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srinipenchikala (1) [Avatar] Offline
#1
Hi,
I have recently purchased the book and I am reading chapter 3. Chris talks about the mock object testing frameworks EasyMock and jMock (there is also rMock) which are JUnit extensions. Chris says that he prefers jMock over the other frameworks. I am new to mock testing, I was wondering if you anyone has any good (or not so good) experiences with these or any other mock object testing frameworks.

We are looking to standardize on a mock test framework at my company so any feedback on this will be greatly appreciated.

Thanks
Srini
ceracm (113) [Avatar] Offline
#2
Re: Mock object testing frameworks
Srini,

I would try jMock and easyMock and see, which one you like the most.
You could, for example, try rewriting some of the jMock tests from the book using easyMock.
Its always best to "try before you buy".


Chris
tilia (1) [Avatar] Offline
#3
Re: Mock object testing frameworks
Hi,

I have used rMock (earlier versions than the one that is actual right now, I guess it is even better nowadays) before, and was pretty happy with it. That was the first mock object testing framework I have ever used, and it did not take me a long time to figure out how to use it in a proper way. After being reserved towards the framework itself and not too interested in test driven development almost at all at start, after just a few months I became strong believer in TDD and agile methods, because all about them felt so logical and natural to me. I liked rMock, and could use it with not so much effort and with a great final benefit.

I work as an IT consultant, and recently I got to be a part of the team that works on a very cool project, in a similar setup as I am used to work in (Scrum, TDD etc), but they are using jMock. I thought, no problem, that is just an another framework, supposedly similar to rMock.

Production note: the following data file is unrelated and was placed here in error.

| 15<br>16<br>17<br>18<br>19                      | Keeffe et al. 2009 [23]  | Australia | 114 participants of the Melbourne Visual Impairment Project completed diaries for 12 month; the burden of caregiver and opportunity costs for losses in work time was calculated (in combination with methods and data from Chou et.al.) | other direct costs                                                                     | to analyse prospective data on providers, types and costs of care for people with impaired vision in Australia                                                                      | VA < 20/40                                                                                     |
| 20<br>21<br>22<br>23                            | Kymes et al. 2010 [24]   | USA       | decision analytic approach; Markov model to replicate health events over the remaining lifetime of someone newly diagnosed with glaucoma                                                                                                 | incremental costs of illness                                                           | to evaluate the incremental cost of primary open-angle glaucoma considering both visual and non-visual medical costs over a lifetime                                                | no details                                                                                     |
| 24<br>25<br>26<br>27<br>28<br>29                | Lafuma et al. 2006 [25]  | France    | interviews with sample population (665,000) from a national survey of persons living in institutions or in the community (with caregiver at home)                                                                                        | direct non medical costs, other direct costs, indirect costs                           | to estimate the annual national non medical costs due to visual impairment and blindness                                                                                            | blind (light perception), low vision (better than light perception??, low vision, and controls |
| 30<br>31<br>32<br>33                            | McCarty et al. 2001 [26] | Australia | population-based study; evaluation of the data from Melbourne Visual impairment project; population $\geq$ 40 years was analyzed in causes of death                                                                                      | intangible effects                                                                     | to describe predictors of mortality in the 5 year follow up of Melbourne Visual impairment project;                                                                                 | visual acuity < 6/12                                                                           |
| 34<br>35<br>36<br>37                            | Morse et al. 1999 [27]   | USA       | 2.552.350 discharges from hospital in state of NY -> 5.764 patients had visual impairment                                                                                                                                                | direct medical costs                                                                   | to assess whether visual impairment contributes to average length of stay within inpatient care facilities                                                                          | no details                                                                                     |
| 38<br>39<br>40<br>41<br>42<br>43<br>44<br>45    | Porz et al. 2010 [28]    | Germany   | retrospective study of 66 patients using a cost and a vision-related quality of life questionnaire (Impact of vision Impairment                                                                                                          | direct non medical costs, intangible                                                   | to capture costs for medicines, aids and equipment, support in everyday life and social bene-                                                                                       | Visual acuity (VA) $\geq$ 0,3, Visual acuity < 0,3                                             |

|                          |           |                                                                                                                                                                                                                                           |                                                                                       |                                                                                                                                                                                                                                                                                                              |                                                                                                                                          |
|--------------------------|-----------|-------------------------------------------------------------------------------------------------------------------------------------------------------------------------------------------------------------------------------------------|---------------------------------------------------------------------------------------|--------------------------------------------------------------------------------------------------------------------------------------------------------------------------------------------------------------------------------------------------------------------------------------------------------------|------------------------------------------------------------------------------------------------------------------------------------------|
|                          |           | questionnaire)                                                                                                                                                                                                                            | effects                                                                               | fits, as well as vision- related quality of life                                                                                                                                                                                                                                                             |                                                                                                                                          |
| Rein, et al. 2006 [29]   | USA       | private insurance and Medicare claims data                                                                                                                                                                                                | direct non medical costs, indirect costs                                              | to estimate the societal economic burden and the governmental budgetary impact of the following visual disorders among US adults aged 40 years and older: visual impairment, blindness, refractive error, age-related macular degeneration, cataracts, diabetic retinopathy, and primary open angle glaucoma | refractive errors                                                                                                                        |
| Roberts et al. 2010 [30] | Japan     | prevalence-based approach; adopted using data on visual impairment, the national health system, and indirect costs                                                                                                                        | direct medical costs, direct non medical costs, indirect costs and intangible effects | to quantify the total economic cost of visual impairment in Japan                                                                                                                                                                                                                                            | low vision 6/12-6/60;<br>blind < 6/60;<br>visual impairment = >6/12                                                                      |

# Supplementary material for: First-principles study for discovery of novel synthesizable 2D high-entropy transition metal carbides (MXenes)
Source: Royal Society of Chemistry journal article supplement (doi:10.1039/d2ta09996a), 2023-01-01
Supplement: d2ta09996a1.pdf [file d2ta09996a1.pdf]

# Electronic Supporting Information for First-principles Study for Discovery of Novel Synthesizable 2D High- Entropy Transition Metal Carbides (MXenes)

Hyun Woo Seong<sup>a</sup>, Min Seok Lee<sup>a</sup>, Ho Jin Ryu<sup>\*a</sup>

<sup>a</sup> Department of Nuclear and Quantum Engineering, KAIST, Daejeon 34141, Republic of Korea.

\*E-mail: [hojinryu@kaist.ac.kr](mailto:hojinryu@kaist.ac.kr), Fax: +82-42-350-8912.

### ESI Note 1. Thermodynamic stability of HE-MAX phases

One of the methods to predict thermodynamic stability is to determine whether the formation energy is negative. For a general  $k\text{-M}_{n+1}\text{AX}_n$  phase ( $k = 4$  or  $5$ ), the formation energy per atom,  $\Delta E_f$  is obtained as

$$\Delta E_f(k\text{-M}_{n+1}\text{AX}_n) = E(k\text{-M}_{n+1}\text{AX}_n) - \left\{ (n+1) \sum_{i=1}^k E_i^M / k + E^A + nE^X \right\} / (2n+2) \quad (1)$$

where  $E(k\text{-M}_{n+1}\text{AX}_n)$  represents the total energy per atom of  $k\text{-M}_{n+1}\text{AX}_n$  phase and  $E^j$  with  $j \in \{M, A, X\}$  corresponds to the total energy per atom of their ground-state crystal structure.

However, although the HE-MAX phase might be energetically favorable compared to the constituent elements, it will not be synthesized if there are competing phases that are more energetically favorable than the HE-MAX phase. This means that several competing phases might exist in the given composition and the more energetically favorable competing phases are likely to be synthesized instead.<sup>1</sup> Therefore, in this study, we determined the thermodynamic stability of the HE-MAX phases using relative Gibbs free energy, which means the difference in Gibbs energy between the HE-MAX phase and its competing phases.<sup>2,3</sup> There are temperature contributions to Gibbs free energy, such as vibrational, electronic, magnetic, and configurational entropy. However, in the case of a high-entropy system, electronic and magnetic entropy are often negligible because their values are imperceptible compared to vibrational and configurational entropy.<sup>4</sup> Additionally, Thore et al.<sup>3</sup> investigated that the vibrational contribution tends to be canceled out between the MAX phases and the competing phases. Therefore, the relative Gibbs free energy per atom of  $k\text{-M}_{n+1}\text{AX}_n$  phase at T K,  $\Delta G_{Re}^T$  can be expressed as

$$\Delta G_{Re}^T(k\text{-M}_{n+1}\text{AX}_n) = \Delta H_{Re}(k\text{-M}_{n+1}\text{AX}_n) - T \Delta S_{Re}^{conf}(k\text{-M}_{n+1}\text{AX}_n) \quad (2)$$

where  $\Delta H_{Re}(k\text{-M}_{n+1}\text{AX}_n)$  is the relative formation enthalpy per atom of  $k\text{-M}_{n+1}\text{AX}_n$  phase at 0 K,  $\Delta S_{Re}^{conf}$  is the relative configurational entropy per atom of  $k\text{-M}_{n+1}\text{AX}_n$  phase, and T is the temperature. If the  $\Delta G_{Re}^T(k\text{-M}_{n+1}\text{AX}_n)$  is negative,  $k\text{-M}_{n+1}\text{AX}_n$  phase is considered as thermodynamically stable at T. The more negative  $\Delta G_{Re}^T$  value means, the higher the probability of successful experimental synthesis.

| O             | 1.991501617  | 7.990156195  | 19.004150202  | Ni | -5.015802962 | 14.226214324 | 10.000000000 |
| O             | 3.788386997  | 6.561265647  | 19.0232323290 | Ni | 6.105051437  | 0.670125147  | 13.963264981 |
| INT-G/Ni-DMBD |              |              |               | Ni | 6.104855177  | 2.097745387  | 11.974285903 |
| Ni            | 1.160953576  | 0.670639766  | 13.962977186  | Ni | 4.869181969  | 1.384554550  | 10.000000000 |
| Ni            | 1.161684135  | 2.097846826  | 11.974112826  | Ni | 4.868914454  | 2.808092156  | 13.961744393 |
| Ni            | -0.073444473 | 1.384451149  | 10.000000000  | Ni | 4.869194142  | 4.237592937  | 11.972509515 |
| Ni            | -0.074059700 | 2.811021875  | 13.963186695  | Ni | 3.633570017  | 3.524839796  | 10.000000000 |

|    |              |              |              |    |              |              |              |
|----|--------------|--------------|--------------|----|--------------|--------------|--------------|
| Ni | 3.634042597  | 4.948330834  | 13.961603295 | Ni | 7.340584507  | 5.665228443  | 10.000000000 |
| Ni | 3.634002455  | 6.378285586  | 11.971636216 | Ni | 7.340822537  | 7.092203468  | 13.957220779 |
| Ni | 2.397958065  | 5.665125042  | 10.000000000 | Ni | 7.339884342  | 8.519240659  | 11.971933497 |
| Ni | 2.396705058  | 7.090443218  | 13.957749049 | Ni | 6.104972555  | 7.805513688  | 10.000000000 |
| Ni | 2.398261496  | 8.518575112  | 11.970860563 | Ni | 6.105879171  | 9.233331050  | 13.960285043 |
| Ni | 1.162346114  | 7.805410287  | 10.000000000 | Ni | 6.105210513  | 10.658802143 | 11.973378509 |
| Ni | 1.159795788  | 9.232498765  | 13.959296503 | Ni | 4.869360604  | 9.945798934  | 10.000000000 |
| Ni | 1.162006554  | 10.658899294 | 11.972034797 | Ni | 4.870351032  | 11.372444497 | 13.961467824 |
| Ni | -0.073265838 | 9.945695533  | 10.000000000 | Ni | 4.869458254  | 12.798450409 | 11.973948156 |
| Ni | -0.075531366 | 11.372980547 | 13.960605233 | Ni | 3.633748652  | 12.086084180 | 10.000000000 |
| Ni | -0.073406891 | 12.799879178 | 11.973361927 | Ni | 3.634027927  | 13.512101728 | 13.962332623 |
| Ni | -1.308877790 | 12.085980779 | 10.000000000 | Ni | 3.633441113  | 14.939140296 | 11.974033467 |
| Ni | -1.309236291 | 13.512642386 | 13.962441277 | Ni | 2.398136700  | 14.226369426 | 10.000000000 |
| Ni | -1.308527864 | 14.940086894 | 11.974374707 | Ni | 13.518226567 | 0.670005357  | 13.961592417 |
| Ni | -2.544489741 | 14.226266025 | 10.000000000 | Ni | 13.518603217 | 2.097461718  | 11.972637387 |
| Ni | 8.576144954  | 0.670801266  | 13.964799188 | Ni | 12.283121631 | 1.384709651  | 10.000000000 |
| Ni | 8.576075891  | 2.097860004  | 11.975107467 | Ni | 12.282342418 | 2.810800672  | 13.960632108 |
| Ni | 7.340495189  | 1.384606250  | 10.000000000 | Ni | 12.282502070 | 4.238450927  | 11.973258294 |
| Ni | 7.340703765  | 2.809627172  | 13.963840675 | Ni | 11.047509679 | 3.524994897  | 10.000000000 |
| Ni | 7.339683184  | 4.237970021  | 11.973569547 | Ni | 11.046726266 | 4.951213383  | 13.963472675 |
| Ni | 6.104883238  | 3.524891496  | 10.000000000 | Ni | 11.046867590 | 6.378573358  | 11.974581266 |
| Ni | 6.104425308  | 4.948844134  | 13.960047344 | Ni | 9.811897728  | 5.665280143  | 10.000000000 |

After three days into using it, my blood pressure became seriously heightened. What happened was that I refactored a lot of code that got under my hands, because the original design contained some serous flaws.

And then - I had to refactor tests. I am using Eclipse as IDE. With rMock, refactoring the tests was a charm; with jMock, it was a nightmare. The names of methods to be called, when setting up the expectations, are hardcoded, and since I did a lot of changes, nothing was up to date anymore, and I even was not able to get the help from Eclipse while refactoring. After DAYS, not hours of refactoring (I expected hours, based on the similar experience with rMock) I am done, but I am seriously discussing with my project members to leave jMock behind, test EasyMock or rMock (I am the only one that has any experience with anything but jMock), and switch to using one of them. Refactoring is not something that happens rarely. It is a phase of iterative development, and in my experience it is too tedious and frustrating to have jMock in your way during that phase.

I agree with Chris. If I were you, I would write a few tests in all of the mentioned frameworks, and some code on top of that. See how that feels.
As the next step of the evaluation, I would change the code a bit, esp. method names, introduce few new objects; and then I would try to refactor the written tests...

I would give my vote to rMock any day, but I think you should try and see what suits you personally. Each of those frameworks has advantages and drawbacks. I did not want to go into the long story about them (there is a lot of things written about all of those frameworks on the net and in various books), but rather give you the reason why I would never opt for jMock.

Good luck!

Jelena.